used from	within cless to	specify	a log file.   Without  a  file
	      name, they will simply report the	name of	the log	file.  The "s"
	      command is equivalent to specifying -o from within cless.

       -ppattern
	      The -p option on the command line	is  equivalent	to  specifying
	      +/pattern;  that is, it tells cless to start at the first	occur-
	      rence of pattern in the file.

       -Pprompt
	      Provides a way to	tailor the three prompt	 styles	 to  your  own
	      preference.  This	option would normally be put in	the LESS envi-
	      ronment variable,	rather than being typed	 in  with  each	 cless
	      command.	 Such  an option must either be	the last option	in the
	      LESS variable, or	be terminated by a dollar sign.	  -P  followed
	      by  a  string changes the	default	(short)	prompt to that string.
	      -Pm changes the medium  (-m)  prompt  to	the  string,  and  -PM
	      changes  the  long  (-M)	prompt.	 Also, -P= changes the message
	      printed by the =	command	 to  the  given	 string.   All	prompt
	      strings  consist of a sequence of	letters	and special escape se-
	      quences.	See the	section	on PROMPTS for more details.

       -q     Causes moderately	"quiet"	operation: the terminal	 bell  is  not
	      rung if an attempt is made to scroll past	the end	of the file or
	      before the beginning of the file.	 If the	terminal has a "visual
	      bell",  it  is  used  instead.  The bell will be rung on certain
	      other errors, such as typing an invalid character.  The  default
	      is to ring the terminal bell in all such cases.

       -Q     Causes  totally  "quiet"	operation:  the	terminal bell is never
	      rung.

       -r     Causes "raw" control characters to be displayed.	The default is
	      to  display control characters using the caret notation; for ex-
	      ample, a control-A (octal	001) is	displayed as  "^A".   Warning:
	      when  the	-r flag	is used, cless cannot keep track of the	actual
	      appearance of the	screen (since this depends on how  the	screen
	      responds to each type of control character).  Thus, various dis-
	      play problems may	result,	such as	long lines being split in  the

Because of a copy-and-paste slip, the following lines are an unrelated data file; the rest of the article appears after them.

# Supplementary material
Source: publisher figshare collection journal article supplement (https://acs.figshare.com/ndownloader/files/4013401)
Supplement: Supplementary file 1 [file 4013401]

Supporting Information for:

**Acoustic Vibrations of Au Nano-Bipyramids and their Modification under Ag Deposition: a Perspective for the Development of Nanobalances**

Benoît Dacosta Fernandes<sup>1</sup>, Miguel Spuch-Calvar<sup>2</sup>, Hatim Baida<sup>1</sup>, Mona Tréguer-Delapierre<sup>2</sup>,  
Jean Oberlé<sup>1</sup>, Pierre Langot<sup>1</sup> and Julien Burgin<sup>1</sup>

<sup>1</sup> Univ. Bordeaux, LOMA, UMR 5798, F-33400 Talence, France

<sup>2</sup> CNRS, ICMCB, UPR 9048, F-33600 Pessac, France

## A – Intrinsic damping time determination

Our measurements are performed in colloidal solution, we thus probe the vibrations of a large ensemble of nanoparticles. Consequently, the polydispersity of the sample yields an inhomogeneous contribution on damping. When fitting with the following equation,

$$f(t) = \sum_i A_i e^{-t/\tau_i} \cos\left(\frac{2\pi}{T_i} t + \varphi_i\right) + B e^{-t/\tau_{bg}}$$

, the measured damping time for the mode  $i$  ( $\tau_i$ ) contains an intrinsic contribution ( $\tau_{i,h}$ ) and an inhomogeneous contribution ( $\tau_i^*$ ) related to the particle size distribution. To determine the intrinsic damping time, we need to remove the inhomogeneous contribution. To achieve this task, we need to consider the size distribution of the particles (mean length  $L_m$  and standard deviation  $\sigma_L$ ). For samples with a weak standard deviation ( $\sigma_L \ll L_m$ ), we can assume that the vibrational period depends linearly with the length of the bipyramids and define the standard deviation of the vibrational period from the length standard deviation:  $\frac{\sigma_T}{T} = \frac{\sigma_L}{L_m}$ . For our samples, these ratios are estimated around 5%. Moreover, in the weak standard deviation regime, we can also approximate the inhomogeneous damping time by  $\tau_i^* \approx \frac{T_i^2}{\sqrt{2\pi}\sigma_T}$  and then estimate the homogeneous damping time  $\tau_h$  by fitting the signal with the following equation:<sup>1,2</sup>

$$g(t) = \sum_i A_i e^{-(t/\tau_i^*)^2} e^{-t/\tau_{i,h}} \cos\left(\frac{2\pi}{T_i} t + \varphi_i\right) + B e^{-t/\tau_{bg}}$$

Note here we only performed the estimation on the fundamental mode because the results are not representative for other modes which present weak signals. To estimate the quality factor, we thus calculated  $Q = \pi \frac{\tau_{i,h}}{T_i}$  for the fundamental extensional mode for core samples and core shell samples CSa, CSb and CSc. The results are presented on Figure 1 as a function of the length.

wrong place.

       -s     Causes  consecutive  blank  lines	 to  be	squeezed into a	single
	      blank line.  This	is useful when viewing nroff output.

       -S     Causes lines longer than the screen width	to be  chopped	rather
	      than  folded.   That  is,	the remainder of a long	line is	simply
	      discarded.  The default is to fold long lines; that is,  display
	      the remainder on the next	line.

       -ttag  The -t option, followed immediately by a TAG, will edit the file
	      containing that tag.  For	this to	work, there  must  be  a  file
	      called  "tags"  in  the  current directory, which	was previously
	      built by the ctags (1) command.  This option may also be	speci-
	      fied from	within cless (using the	- command) as a	way of examin-
	      ing a new	file.  The command ":t"	is equivalent to specifying -t
	      from within cless.

       -Ttagsfile
	      Specifies	a tags file to be used instead of "tags".

       -u     Causes  backspaces  and carriage returns to be treated as	print-
	      able characters; that is,	they are sent  to  the	terminal  when
	      they appear in the input.

       -U     Causes  backspaces and carriage returns to be treated as control
	      characters; that is, they	are handled as specified by the	-r op-
	      tion.

	      By  default, if neither -u nor -U	is given, backspaces which ap-
	      pear adjacent to an underscore character are treated  specially:
	      the  underlined  text is displayed using the terminal's hardware
	      underlining capability.  Also, backspaces	which  appear  between
	      two  identical  characters are treated specially:	the overstruck
	      text is printed using the	terminal's hardware boldface  capabil-
	      ity.   Other  backspaces	are  deleted, along with the preceding
	      character.  Carriage returns immediately followed	by  a  newline
	      are deleted.  Other carriage returns are handled as specified by
	      the -r option.  Text which is overstruck or  underlined  can  be
	      searched for if neither -u nor -U	is in effect.

       -V     Displays the version number of cless.

       -w     Causes blank lines to be used to represent lines past the	end of
	      the file.	 By default, a tilde character (~) is used.

       -xn    Sets tab stops every n positions.	 The default for n is 8.

       -X     Disables sending the termcap initialization and deinitialization
	      strings  to  the	terminal.   This is sometimes desirable	if the
	      deinitialization string does something unnecessary, like	clear-
	      ing the screen.

       -yn    Specifies	a maximum number of lines to scroll forward.  If it is
	      necessary	to scroll forward more than n lines, the screen	is re-
	      painted  instead.	  The  -c  or -C option	may be used to repaint
	      from the top of the screen if desired.  By default, any  forward
	      movement causes scrolling.

       -[z]n  Changes  the  default scrolling window size to n lines.  The de-
	      fault is one screenful.  The z and w commands can	also  be  used
	      to  change the window size.  The "z" may be omitted for compati-